Reason #2: Build your network
The second reason that you might want to take a job that’s not the exact job you eventually want is that you’ll start meeting professional game developers. Many of those people will be professional game artists and you’re likely to have frequent opportunities to hang out with them and learn from them. I’ve always found that artists in the game industry are super friendly and they’re totally willing to teach newer artists and to give them direction and feedback on their art work. Not only is it a good way to build your professional network, it’s also a great way to quickly grow your skills by learning from those professionals.
Reason #3: Get your foot in the door
A third reason to take just about any job you can to get your foot in the door is because once you’re an insider, you’ll start to hear about any new job openings in the studio before they get posted to the public. Most game companies do prefer to hire people that they know and trust from inside the company, rather than kind of rolling the dice with an outsider. If you’ve been building your skills and your portfolio while you’re working there and if you’ve been hanging out with the professionals and learning from them, then one day you might be just the right person to fill that new job opening before it even gets posted.
What are the downsides?
So those are three good reasons in favor of taking the job. But what are the reasons you might not want to take it? The main reason is that spending eight hours a day doing a job that you really don’t like, could be a painful way to spend a couple of years. If you take a job as a game tester, for example, and you really, really don’t like it, then those eight-hour days are going to feel like 80 hour days. It could be so crushing. But my guess is that you’ll be so busy learning about game development and building new skills and meeting cool people who can help you, that the time will fly by, and before you know it, you might get an opportunity to move into the job that you’re really after. Or, maybe you’ll find that you really like doing QA or that you love 2D arts and you might end up building that job into your long-term career.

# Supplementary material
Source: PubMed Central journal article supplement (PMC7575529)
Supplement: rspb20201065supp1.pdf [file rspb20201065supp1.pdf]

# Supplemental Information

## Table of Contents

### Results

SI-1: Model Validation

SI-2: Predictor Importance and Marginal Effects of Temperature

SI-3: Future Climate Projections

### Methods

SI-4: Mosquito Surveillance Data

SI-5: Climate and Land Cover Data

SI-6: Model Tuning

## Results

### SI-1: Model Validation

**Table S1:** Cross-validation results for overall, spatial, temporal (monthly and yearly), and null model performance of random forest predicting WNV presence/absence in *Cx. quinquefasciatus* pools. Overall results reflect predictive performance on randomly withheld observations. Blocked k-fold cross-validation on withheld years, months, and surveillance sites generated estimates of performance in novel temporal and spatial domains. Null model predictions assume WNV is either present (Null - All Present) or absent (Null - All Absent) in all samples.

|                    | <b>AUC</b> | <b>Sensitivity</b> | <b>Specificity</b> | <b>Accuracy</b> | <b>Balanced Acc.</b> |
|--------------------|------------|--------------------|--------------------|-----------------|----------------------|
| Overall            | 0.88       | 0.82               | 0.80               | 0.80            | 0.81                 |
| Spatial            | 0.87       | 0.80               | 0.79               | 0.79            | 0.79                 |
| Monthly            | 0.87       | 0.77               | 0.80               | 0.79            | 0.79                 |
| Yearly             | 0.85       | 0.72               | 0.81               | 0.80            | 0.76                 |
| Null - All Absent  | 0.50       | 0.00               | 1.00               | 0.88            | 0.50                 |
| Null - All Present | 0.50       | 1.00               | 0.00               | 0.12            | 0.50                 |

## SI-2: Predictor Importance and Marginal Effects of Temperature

Next steps: Take action
So there are three really good reasons to take any job at a game studio, even if it’s not the exact job that you eventually want. I should point out, that goes for just about any career in the game industry, not just art. You could start as a tester and later become a game programmer or a producer or an audio engineer, just about anything. Just keep working on your skills and your portfolio in the evenings, on the weekends, and building your network inside the studio. Where you go from there is totally up to you. If there is one thing that I could say about a career in games is that that you never know exactly where it could take you.
If you have questions about how to get a job as a video game artist, visit gameindustrycareerguide.com/artist for a big collection of articles about game art careers. If you’re serious about getting a job testing games, go to gameindustrycareerguide.com/testing. Or buy a copy of my book, “Land a Job as a Video Game Tester.” It’s available anywhere that e-books are sold or get a printed copy from Amazon.com.
Thanks to Indigo for that question and thank you for spending a little quality time here with me today. If you’ve enjoyed the podcast, then please help me spread the word by sharing it with your friends and the world on social media. For more information and inspiration on getting a job and growing your career making video games, visit me at gameindustrycareerguide.com. I’m Jason W. Bay. I will see you again next week right here on the Game Industry Career Guide Podcast.